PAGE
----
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About FLYER15015

  • Rank
    '40 Buick Team Member
  • Birthday 12/17/1941

Profile Information

  • Gender:
  • Location:
    Buena Vista, Colorado on the continental divide
  • Interests:
    Taking care if the "Baby", flying RC planes, and trail riding a ktm 525EXC.


  • Biography
    ex engineer, now a casting sales rep

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  1. FLYER15015

    1929 chrysler 65 intro

    Chris, Welcome aboard. Looks like a real nice ride. Like the folks above, get a parts book, a mechanics hand book and an owners manual as your first purchase. Use the forum as much as you can, as there are lots of us that have walked your path and we can show you where all the rocks are. The internet also has been a very valuable resource for all of us, so ask all the questions you have about a specific task, before you start spinning wrenches. Also, take a lot of pictures. We love them and it sure helps the folks understand what you are trying to do. One step at a time and enjoy the trip. Mike in Colorado
  2. Narve, FYI, here is what I did to my '40 buick. Picture 1 is the oil pump just after I soldered the pick up screen back onto the pick up tube. When I bought the car, and drove it 120 miles to the house, job #1 was to pull the pan, We found about an inch of grey sludge in the bottom and buried in it was the pick up float. NOT GOOD ! Picture 2 is the bottom plate with just a few passes of 60 grit emory just to highlight the high spots. We sanded this plate down with #60, then #40 and then # 120, on a good flat surface, until all the "grey" spots where the leaks were had disappeared. Checked the clearance to the gears with "Plastigage" at .0035". And sealed the plate to the housing with a THIN coat of Permatex #2. Added a 1/4" nut behind the relief spring, under the big nut, on the left side of picture 1. Picture 3 shows how deformed the pan was around the bolt holes, so we hammered them flat so the gasket would seal without a bunch of silicone. End result was good oil pressure using Shell Rotella 10W40. Mike in Colorado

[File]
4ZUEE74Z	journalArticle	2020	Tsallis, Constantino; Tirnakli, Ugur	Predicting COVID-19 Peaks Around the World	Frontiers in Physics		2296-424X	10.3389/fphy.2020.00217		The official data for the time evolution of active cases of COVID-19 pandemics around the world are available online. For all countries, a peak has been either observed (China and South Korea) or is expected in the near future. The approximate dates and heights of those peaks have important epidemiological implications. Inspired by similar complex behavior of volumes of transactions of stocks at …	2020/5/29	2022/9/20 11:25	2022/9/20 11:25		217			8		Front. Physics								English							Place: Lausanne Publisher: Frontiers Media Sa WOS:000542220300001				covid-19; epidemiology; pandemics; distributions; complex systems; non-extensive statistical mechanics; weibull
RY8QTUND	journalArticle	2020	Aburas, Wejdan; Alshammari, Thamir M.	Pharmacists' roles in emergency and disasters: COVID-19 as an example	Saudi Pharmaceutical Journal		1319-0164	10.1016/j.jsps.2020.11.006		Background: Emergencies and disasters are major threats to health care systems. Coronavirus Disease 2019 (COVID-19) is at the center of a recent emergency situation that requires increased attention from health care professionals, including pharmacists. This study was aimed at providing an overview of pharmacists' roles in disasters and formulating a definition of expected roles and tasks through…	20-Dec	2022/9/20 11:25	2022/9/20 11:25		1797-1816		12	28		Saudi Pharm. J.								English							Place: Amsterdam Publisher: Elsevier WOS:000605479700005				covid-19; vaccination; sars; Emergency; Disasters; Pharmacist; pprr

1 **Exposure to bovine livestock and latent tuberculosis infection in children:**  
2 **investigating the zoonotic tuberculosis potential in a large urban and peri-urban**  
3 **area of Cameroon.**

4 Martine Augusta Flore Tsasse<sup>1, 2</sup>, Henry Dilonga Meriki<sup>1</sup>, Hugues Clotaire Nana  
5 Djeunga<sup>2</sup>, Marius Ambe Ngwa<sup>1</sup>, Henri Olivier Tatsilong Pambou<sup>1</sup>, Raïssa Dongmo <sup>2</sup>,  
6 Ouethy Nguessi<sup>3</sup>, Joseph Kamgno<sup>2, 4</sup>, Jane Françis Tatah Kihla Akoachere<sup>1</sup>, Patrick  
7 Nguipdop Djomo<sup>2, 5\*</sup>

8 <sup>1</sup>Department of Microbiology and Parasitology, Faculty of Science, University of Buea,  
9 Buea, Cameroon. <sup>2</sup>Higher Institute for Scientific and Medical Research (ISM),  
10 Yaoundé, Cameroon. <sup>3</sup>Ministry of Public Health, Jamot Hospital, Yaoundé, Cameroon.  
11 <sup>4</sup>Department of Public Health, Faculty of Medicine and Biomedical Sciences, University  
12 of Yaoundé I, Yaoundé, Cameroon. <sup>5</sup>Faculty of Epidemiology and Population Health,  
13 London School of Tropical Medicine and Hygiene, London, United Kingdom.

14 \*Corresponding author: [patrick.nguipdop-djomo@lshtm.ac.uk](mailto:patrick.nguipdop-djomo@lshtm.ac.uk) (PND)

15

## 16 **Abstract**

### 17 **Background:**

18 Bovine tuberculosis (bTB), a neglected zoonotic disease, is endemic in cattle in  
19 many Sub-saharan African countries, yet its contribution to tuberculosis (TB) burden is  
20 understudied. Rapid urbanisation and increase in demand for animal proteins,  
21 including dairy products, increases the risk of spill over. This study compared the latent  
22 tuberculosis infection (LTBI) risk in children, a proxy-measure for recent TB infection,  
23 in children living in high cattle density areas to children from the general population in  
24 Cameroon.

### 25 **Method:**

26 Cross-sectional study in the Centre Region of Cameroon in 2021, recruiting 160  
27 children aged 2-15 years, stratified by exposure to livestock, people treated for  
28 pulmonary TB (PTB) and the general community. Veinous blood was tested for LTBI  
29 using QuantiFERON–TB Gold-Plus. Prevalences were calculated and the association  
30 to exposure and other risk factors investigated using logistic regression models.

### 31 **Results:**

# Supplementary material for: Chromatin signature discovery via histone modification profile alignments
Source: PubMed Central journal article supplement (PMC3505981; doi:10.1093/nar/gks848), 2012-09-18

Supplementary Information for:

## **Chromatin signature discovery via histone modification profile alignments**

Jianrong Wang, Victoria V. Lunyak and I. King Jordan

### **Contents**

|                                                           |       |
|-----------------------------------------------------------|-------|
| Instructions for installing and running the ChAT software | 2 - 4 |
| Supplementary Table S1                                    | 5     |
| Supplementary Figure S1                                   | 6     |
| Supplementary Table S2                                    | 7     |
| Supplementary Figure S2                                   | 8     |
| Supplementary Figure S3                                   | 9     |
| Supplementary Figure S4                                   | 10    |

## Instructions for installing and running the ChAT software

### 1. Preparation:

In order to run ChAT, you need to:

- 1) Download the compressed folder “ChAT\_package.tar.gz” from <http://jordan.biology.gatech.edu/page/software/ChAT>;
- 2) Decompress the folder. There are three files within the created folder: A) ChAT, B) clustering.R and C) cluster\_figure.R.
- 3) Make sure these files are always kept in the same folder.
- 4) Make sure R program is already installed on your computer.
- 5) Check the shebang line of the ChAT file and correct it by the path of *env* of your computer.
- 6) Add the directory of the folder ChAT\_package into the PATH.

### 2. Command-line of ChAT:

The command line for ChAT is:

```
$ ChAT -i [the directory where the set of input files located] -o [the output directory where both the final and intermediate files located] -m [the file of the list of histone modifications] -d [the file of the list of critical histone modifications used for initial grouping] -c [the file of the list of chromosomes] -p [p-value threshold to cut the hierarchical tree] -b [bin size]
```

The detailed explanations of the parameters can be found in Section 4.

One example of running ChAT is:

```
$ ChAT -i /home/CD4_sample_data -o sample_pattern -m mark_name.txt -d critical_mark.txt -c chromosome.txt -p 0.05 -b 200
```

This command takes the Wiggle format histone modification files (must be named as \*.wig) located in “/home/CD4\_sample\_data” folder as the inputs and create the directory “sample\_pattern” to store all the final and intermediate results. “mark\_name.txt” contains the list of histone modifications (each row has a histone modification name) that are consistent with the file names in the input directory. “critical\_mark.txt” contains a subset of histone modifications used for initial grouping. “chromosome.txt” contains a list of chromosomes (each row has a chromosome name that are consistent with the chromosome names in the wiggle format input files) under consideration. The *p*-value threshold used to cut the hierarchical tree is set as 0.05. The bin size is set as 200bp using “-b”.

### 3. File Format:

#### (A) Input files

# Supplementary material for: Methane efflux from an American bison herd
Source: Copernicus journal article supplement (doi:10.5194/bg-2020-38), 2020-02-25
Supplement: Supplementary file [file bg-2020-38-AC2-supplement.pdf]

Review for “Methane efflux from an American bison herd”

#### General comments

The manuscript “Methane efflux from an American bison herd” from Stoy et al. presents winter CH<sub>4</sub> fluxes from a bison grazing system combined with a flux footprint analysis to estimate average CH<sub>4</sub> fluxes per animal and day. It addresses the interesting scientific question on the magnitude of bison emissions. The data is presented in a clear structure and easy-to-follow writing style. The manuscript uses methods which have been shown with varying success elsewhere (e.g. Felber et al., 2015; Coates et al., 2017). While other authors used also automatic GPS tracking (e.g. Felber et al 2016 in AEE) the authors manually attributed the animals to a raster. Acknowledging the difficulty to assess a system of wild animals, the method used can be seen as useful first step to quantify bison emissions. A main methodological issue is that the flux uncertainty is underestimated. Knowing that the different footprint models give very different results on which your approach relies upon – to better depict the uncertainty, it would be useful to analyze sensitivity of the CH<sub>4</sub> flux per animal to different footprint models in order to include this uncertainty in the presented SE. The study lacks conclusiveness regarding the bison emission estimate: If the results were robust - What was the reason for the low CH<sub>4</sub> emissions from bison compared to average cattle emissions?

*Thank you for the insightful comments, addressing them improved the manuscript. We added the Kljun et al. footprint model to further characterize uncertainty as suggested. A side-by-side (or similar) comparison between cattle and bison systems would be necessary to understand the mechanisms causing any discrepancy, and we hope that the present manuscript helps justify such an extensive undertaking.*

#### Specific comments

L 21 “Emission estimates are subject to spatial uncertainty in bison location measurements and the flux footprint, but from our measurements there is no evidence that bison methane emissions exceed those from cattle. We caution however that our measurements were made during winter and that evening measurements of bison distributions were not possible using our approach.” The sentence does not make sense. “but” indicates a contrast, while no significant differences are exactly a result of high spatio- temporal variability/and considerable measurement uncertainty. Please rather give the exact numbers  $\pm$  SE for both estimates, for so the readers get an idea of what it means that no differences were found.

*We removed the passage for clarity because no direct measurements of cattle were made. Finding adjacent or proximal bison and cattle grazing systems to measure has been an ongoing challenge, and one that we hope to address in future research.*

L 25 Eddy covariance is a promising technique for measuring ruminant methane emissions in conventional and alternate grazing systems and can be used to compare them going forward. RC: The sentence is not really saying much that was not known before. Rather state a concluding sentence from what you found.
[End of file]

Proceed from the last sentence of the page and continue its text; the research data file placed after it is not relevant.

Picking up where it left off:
3. Narve, I had this same issue with my '40 Buick 320 OHV. My fix was to remove the bottom plate from the oil pump and emory (sand) it flat and seal all the leaks around the edges with a thin coat of Permatex #2 I used "Plastigage" to check the clearance between the gears and the bottom plate. Should be no more than .005". Mine measured .0035", after sanding. Just for insurance I put a 1/4" spacer (nut) behind the oil pressure relief spring. She now has 60# at start up, 40# at cruzing and 30# at a hot idle. And this is with a babbitt engine that has never been rebuilt. And I run Shell Rotella 10W40, with a quart of Rislone just to make me feel better. I have not yet torn into the '31 Imperial, but the few runs we have had indicate good oil pressure. Project # 1 this winter is to replace the wheels and master cylinder. # 2 will be to pull the pan, just for a look-see, at the front and rear seals. Mike in Colorado
  4. FLYER15015

    Chrysler 323.5 Straight 8 Flathead

    nzcarnerd, Here in the colonies, we call your HO (coloured picture) a "boxer" engine. So, we have the L-T-I-F-I engines pictured. Think we ought to include TU for the old Dodge turbines ? And what about the 3 cylinder 3 carb, 3 coil, TWO STROKE that was in my old SAAB ? Added a quart of 30 weight for every 20 gallons, per the big red tag on the gas cap. Hey BEN, what are you doing knocking about with the Chrysler guys ? All the Buick problems been solved ? Mike in Colorado
  5. FLYER15015

    How many ?

    Yes, from the limited research I've done she seems to have a '35 engine in her. Delco distributor sticking out the drivers side of the block with no vacuum advance and a Stromberg carb on a home made adapter / spacer, and the exhaust manifold below the intake runners. Somebody brazed a lamp base to the air cleaner so it would fit on the carb. Smart thinking............. She was supposedly "restored" in 1990 in California. My opinion = a very amateur job, except for the upholstery, which was done quite well. Paint and body work leave a LOT to be desired ! Maybe that's why Wayne C. passed on her. = too much work. But here in the Colorado mountains, she's a big fish in a small pond, and a lot of fun to drive. Mike in Colorado